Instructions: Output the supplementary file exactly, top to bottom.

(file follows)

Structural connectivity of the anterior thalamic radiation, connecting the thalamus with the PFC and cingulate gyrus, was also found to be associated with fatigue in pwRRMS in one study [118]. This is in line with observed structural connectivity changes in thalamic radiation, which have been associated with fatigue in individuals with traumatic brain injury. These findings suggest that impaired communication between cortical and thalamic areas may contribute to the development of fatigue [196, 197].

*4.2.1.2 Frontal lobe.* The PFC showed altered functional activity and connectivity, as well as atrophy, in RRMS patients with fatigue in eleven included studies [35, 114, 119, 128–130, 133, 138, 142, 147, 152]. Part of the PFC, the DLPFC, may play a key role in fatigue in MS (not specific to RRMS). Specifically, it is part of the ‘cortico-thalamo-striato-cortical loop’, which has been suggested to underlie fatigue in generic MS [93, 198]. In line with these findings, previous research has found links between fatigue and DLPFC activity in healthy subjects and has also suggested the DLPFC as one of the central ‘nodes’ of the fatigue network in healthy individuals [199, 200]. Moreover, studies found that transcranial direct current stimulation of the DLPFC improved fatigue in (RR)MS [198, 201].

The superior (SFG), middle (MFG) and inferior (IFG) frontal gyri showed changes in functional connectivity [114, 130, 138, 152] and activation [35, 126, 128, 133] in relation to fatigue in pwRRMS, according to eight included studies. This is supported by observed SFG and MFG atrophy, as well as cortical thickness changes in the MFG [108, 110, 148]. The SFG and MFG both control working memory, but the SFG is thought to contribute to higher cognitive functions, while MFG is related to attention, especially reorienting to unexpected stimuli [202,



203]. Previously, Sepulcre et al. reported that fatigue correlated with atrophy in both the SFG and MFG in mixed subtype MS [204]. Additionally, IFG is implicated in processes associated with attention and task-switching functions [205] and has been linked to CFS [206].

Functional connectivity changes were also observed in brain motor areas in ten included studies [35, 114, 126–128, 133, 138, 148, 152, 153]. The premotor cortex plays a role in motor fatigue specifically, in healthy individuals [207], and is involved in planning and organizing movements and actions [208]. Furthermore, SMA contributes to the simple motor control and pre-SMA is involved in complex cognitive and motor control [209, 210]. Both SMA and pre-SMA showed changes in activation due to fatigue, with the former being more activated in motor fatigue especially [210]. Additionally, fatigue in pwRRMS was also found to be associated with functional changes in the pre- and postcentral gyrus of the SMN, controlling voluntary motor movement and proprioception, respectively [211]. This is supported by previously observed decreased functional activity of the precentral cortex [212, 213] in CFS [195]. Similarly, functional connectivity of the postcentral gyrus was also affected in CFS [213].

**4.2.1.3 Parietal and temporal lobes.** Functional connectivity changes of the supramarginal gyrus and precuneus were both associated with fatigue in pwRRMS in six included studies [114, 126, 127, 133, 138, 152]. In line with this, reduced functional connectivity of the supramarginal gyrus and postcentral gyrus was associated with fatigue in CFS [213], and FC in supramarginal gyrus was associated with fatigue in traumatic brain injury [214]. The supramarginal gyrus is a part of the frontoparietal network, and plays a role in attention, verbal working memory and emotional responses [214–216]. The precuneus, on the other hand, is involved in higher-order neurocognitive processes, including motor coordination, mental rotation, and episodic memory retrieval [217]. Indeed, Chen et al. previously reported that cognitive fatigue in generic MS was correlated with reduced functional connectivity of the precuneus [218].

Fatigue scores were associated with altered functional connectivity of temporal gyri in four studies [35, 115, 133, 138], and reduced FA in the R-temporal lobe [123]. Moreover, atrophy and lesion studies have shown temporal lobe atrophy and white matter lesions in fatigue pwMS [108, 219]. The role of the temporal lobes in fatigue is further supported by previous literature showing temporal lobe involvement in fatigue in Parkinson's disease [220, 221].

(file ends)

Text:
Structural connectivity of the anterior thalamic radiation, connecting the thalamus with the PFC and cingulate gyrus, was also found to be associated with fatigue in pwRRMS in one study [118]. This is in line with observed structural connectivity changes in thalamic radiation, which have been associated with fatigue in individuals with traumatic brain injury. These findings suggest that impaired communication between cortical and thalamic areas may contribute to the development of fatigue [196, 197].

*4.2.1.2 Frontal lobe.* The PFC showed altered functional activity and connectivity, as well as atrophy, in RRMS patients with fatigue in eleven included studies [35, 114, 119, 128–130, 133, 138, 142, 147, 152]. Part of the PFC, the DLPFC, may play a key role in fatigue in MS (not specific to RRMS). Specifically, it is part of the ‘cortico-thalamo-striato-cortical loop’, which has been suggested to underlie fatigue in generic MS [93, 198]. In line with these findings, previous research has found links between fatigue and DLPFC activity in healthy subjects and has also suggested the DLPFC as one of the central ‘nodes’ of the fatigue network in healthy individuals [199, 200]. Moreover, studies found that transcranial direct current stimulation of the DLPFC improved fatigue in (RR)MS [198, 201].

The superior (SFG), middle (MFG) and inferior (IFG) frontal gyri showed changes in functional connectivity [114, 130, 138, 152] and activation [35, 126, 128, 133] in relation to fatigue in pwRRMS, according to eight included studies. This is supported by observed SFG and MFG atrophy, as well as cortical thickness changes in the MFG [108, 110, 148]. The SFG and MFG both control working memory, but the SFG is thought to contribute to higher cognitive functions, while MFG is related to attention, especially reorienting to unexpected stimuli [202,



203]. Previously, Sepulcre et al. reported that fatigue correlated with atrophy in both the SFG and MFG in mixed subtype MS [204]. Additionally, IFG is implicated in processes associated with attention and task-switching functions [205] and has been linked to CFS [206].

Functional connectivity changes were also observed in brain motor areas in ten included studies [35, 114, 126–128, 133, 138, 148, 152, 153]. The premotor cortex plays a role in motor fatigue specifically, in healthy individuals [207], and is involved in planning and organizing movements and actions [208]. Furthermore, SMA contributes to the simple motor control and pre-SMA is involved in complex cognitive and motor control [209, 210]. Both SMA and pre-SMA showed changes in activation due to fatigue, with the former being more activated in motor fatigue especially [210]. Additionally, fatigue in pwRRMS was also found to be associated with functional changes in the pre- and postcentral gyrus of the SMN, controlling voluntary motor movement and proprioception, respectively [211]. This is supported by previously observed decreased functional activity of the precentral cortex [212, 213] in CFS [195]. Similarly, functional connectivity of the postcentral gyrus was also affected in CFS [213].

**4.2.1.3 Parietal and temporal lobes.** Functional connectivity changes of the supramarginal gyrus and precuneus were both associated with fatigue in pwRRMS in six included studies [114, 126, 127, 133, 138, 152]. In line with this, reduced functional connectivity of the supramarginal gyrus and postcentral gyrus was associated with fatigue in CFS [213], and FC in supramarginal gyrus was associated with fatigue in traumatic brain injury [214]. The supramarginal gyrus is a part of the frontoparietal network, and plays a role in attention, verbal working memory and emotional responses [214–216]. The precuneus, on the other hand, is involved in higher-order neurocognitive processes, including motor coordination, mental rotation, and episodic memory retrieval [217]. Indeed, Chen et al. previously reported that cognitive fatigue in generic MS was correlated with reduced functional connectivity of the precuneus [218].

Fatigue scores were associated with altered functional connectivity of temporal gyri in four studies [35, 115, 133, 138], and reduced FA in the R-temporal lobe [123]. Moreover, atrophy and lesion studies have shown temporal lobe atrophy and white matter lesions in fatigue pwMS [108, 219]. The role of the temporal lobes in fatigue is further supported by previous literature showing temporal lobe involvement in fatigue in Parkinson's disease [220, 221].